A gold mine has been sitting on my shelf for years in the form of a slim book about great Canadians. Only recently did I discover a chapter about Laura Beatrice Berton: Lady Teacher in Dawson City. I went on to read the full account of her experience, I Married the Klondike.
The accounts I’ve read about life in the Klondike region of the Yukon have, so far, centered around people pursuing the gold rush (1896-1899). The stories of ruddy-faced men and sharp businesswomen who braved geography and climate in search of a new life. One of my favourites is The Klondike Quest by the well-known Canadian author, Pierre Berton. As you may have guessed, he’s the son of Laura Beatrice Berton. My interest was doubly piqued. I promptly ordered a copy of her biography, I Married the Klondike.
In 1907, Laura left her teaching position with the Toronto school board at the invitation of Dawson City’s superintendent of kindergarten. Adventure appealed to her as did the increase in salary, a leap from $480 to $2100 annually. Her parents expressed their concern before her departure. Laura’s father recited Walt Whitman’s Pioneers, O Pioneers the night before she left home. “I understand the Alaska steamers are filled with questionable women…My dear, I would certainly wear a wedding-ring. You’d find it a great protection,” her mother said.
She arrived in Dawson along with several newcomers, three other female teachers among them. For $25 per month, the four women rented a two-story log cabin with five bedrooms. To have lived separately in a community so densely populated would have been frowned upon given the Victorian values of the day.
Laura described Dawson City’s shops in a manner that surprised me, claiming they had a ‘cosmopolitan atmosphere’. Despite the harsh backdrop I’d always imagined, there was a store “with a glittering interior, full of hand-made French evening dresses …” Each year, the owner imported gowns and hats from Paris. A neighbouring business sold “silks, kimonos, parasols, linens, incense, porcelain, china and lacquer work.” I never would have dreamed that a market existed for such goods.
The dance halls and red-light district of Dawson are well known but the network of social events in the community were unknown to me. People took turns hosting a ‘day’ or an ‘At Home’, from late afternoon to early evening. Laura wrote of serving olives and preparing salted almonds, sherbet and home-made candies. In theory, the entire town was invited, but in practice, social standing dictated who attended. The ‘proper people’ included judges, high-end civil servants, heads of large companies, Church personnel including the bishop, and teachers.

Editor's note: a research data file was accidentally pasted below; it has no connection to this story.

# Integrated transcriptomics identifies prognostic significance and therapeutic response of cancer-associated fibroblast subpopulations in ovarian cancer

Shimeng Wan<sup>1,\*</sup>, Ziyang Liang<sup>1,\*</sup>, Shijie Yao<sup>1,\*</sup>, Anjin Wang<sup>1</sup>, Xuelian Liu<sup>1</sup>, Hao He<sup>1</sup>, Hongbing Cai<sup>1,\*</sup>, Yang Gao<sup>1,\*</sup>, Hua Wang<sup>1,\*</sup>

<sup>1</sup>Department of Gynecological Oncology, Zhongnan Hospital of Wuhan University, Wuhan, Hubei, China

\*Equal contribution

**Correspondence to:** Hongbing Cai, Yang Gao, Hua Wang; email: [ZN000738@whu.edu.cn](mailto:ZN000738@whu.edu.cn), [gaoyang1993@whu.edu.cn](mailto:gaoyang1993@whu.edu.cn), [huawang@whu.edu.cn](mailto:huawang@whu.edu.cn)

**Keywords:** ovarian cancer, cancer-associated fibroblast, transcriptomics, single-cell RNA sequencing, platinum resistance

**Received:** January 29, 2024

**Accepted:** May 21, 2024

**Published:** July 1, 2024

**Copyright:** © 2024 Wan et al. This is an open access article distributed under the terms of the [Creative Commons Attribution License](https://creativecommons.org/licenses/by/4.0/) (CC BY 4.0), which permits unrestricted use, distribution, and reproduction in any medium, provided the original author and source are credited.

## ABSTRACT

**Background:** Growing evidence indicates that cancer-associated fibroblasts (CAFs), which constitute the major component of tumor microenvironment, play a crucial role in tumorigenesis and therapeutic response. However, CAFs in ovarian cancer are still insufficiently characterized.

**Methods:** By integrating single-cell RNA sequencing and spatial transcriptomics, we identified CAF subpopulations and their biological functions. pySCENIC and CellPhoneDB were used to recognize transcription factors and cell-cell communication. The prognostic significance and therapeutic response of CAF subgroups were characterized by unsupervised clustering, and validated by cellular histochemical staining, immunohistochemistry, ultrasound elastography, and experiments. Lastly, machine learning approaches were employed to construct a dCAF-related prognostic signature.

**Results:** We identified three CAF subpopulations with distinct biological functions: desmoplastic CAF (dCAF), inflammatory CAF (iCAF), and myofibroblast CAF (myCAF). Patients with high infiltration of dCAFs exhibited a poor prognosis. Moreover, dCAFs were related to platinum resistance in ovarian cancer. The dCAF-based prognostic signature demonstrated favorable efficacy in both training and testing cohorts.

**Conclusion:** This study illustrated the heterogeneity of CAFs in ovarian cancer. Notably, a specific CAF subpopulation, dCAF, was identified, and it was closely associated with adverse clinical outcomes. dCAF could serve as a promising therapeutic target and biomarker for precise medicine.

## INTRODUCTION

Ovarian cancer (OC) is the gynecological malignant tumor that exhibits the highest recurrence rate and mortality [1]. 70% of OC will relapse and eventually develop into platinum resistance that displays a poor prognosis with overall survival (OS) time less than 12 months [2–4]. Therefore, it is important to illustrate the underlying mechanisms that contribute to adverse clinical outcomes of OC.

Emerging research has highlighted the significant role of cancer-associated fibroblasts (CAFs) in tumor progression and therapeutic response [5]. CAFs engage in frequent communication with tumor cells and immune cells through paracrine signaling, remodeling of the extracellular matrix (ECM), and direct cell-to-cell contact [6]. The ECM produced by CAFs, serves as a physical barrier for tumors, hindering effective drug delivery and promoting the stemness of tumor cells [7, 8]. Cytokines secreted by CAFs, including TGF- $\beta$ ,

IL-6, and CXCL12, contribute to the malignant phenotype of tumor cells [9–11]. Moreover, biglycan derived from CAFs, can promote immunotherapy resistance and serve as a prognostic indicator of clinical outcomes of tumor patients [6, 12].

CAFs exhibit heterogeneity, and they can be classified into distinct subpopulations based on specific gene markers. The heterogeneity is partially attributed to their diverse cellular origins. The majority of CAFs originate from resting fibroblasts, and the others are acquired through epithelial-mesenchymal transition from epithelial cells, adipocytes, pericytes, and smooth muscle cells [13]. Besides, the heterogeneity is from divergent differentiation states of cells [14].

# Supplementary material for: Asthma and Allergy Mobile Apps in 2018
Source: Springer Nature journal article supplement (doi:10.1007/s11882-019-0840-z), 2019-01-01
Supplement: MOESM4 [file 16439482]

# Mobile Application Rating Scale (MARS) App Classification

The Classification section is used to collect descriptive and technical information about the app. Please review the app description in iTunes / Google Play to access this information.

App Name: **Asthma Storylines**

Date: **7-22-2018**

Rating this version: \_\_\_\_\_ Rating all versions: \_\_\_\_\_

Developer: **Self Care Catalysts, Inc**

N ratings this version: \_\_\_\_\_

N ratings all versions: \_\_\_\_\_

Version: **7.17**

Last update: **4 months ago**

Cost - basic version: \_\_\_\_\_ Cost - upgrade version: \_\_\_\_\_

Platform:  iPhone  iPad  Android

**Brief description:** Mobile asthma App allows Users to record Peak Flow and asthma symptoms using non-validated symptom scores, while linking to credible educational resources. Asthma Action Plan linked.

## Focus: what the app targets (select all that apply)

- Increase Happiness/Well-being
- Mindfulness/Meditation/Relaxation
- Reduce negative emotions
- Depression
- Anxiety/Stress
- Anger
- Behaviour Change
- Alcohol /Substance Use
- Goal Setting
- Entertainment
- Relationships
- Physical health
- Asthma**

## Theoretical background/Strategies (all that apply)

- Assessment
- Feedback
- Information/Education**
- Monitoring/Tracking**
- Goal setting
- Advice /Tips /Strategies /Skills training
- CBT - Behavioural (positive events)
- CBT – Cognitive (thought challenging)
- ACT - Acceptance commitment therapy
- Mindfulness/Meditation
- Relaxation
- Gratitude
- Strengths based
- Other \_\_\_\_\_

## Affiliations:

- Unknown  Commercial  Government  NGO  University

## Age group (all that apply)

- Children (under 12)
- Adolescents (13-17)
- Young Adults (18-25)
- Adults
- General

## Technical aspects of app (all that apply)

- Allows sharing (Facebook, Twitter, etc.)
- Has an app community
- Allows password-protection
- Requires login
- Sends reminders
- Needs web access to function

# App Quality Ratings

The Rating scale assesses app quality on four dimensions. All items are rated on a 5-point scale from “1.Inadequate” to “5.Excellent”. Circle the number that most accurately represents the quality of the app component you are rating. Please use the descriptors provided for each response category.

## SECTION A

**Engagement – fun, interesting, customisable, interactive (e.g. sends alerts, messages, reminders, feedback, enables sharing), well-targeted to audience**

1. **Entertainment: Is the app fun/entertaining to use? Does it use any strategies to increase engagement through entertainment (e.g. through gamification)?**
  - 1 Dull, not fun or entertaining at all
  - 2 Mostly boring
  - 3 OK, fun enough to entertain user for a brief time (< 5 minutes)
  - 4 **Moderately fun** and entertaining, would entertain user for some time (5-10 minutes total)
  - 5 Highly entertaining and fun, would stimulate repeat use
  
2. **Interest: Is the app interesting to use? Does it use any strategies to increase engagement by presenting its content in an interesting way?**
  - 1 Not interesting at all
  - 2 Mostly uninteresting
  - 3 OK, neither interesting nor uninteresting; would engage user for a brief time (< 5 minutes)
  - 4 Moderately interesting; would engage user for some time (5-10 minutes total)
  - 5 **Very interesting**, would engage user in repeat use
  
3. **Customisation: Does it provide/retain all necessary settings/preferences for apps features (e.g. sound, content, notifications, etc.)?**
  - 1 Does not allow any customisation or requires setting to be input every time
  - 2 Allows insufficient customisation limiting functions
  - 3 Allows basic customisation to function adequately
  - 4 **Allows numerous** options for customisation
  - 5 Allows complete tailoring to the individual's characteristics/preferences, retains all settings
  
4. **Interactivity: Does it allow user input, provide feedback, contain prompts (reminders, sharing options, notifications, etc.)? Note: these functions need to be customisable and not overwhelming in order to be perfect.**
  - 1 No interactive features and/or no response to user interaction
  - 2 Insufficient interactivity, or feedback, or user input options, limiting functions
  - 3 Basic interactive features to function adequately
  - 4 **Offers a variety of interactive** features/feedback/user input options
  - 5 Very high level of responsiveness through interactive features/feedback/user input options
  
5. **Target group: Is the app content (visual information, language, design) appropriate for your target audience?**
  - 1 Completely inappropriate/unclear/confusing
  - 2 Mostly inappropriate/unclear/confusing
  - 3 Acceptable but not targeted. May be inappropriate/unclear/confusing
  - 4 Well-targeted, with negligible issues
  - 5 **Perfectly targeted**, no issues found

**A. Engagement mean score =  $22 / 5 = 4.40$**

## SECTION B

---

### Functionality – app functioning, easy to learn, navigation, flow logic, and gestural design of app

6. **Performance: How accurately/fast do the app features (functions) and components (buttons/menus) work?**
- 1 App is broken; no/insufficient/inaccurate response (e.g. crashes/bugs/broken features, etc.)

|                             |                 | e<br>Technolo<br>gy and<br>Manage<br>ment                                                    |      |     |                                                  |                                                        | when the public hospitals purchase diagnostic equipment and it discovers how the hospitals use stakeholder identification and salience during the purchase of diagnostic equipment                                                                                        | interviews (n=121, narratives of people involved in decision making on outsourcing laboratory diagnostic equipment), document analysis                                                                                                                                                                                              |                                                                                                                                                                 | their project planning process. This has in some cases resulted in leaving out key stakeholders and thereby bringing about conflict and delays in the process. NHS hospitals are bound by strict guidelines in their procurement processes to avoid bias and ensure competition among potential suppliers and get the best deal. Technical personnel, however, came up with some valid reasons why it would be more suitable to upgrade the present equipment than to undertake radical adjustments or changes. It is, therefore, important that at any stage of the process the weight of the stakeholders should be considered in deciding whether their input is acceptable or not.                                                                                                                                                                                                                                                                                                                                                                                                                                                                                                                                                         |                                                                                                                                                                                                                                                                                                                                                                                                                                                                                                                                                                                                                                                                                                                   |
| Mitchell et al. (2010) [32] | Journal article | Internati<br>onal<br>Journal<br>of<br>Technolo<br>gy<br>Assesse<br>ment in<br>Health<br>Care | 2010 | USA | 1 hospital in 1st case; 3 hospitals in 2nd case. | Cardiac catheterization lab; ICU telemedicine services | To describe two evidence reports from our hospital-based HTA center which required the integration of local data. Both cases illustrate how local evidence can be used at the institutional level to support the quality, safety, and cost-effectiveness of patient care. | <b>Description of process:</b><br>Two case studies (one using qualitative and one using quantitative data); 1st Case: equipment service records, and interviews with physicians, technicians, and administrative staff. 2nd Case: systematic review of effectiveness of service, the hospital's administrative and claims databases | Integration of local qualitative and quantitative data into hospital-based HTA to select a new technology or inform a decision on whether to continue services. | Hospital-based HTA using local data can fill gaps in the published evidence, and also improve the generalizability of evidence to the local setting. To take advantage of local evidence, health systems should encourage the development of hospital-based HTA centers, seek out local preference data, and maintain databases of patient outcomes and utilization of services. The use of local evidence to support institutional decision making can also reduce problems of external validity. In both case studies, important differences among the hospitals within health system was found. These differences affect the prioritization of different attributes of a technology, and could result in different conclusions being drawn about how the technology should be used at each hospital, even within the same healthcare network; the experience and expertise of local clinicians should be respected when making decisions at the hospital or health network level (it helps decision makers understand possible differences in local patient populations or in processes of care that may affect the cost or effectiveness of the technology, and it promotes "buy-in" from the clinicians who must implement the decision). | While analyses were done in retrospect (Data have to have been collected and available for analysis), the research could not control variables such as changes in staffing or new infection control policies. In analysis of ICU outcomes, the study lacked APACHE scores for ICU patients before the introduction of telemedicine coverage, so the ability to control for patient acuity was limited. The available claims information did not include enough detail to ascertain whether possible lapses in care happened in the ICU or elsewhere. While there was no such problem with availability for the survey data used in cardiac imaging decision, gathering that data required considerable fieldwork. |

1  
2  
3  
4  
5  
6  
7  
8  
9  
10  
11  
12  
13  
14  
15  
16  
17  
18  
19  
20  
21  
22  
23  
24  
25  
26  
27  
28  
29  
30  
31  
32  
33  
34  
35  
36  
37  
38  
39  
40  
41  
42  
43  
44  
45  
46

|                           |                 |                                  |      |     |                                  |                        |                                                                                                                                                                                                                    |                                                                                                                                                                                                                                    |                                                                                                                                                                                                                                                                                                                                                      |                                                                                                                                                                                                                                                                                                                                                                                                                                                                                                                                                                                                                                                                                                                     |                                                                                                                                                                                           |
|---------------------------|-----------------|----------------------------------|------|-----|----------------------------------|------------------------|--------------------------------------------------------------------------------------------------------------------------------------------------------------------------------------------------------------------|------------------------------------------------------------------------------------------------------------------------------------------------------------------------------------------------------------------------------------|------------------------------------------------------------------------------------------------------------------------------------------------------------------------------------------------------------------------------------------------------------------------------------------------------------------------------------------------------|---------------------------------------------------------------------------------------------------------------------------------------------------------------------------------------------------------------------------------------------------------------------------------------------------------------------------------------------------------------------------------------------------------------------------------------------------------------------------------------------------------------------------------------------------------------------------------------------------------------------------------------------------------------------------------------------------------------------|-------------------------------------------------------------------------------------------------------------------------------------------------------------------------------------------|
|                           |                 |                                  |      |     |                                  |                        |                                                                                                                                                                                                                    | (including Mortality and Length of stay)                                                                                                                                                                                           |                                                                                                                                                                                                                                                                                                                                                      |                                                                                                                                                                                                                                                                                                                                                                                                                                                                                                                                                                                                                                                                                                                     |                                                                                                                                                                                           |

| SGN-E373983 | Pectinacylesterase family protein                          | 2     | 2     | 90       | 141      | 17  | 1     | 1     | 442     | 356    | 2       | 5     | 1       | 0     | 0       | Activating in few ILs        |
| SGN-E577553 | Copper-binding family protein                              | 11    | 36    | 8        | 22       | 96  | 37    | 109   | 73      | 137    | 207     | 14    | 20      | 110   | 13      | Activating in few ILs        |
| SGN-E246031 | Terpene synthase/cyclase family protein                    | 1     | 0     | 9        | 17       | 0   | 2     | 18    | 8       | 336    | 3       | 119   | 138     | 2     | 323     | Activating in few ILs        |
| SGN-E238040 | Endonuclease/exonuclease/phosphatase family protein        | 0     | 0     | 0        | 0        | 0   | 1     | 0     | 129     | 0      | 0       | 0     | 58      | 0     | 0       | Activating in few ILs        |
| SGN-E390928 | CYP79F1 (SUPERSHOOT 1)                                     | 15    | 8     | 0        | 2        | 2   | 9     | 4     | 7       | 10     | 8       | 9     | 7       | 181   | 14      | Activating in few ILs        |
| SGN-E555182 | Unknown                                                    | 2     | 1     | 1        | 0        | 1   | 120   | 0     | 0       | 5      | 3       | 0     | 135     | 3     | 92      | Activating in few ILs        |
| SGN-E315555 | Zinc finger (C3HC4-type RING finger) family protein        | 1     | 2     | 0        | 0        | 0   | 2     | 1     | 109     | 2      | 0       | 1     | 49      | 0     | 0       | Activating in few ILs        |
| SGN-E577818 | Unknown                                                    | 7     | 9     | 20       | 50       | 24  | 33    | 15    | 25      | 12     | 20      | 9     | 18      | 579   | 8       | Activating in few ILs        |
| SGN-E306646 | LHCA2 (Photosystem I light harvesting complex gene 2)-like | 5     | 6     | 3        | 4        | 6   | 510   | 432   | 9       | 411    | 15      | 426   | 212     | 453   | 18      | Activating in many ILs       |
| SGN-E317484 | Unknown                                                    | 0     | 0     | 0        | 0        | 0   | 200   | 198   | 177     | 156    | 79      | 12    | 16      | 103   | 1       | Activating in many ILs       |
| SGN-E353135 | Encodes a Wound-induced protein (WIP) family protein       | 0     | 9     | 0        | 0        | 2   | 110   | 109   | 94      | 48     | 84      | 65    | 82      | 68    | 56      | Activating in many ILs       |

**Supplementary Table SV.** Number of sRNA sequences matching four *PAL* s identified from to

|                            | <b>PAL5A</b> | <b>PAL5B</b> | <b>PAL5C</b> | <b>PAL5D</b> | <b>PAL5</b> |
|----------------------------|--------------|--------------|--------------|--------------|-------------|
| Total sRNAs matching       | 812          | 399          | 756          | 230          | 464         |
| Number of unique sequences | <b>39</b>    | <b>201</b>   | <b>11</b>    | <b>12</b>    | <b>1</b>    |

At the height of the gold rush in 1898, 30,000 people lived in Dawson City. That number had dropped to 12,000 at the time of Laura’s arrival. She observed that “…the second shops wee crammed with what was left behind: stoves, gold pans old fur coats, rubber boots, and hundreds of beds.”
The school children were all born in the Yukon. Their cultural diversity ranged from Canadian and American to English, Latin American, South African and Japanese.
Twelve lights hung from the classroom ceiling to compensate for the two month disappearance of the sun beginning in early December. When the temperatures dropped to -50°C , the school closed for the day. Before venturing outdoors, Laura put on every piece of clothing she owned under her fur-lined tweed coat. She draped a heavy wool veil over her fur hat for further protection. Much of her school day was occupied by bundling the children for outdoor activities and removing their layers again once they’d come inside. “They all wore ground-length coon-skin and musk-rat coats which presented an incongruous appearance, for it turned them into tiny adults.” In the summer months, twenty-four hour daylight left her students restless and distracted from lack of sleep.
One sun lit evening, Laura and her teacher friends decided, under the guise of berry picking on a hilltop, to survey the red-light district where the ‘painted ladies’ lived. Their curiosity had grown each evening as men crossed the bridge over the Klondike River to visit the neat rows of bright houses along the opposite shore.
“If we anticipated any shameful sights we were disappointed and confounded, for the scene below us was one of unparalleled gaiety.” The painted ladies chattered with each other like ‘bright birds’ amid singing and laughter. Waiters from a neighbouring hotel served them food and drink from silver trays. The teachers admired the colourful array of clothing, albeit scant. They climbed through the bushes and headed home “feeling unusually tired and disheveled, our long skirts clinging to us like cumbersome shackles.”
These stories of the Klondike in the late 1800s and early 1900s continue to engage me. I know they’ll wind their way into my writing at some point. For now, the ideas are still percolating. You might have noticed that Robert Service wrote the preface for I Married the Klondike. For a period of time, he lived in a cabin across the road from the one Laura and her teaching friends lived in. That is a story for a future post!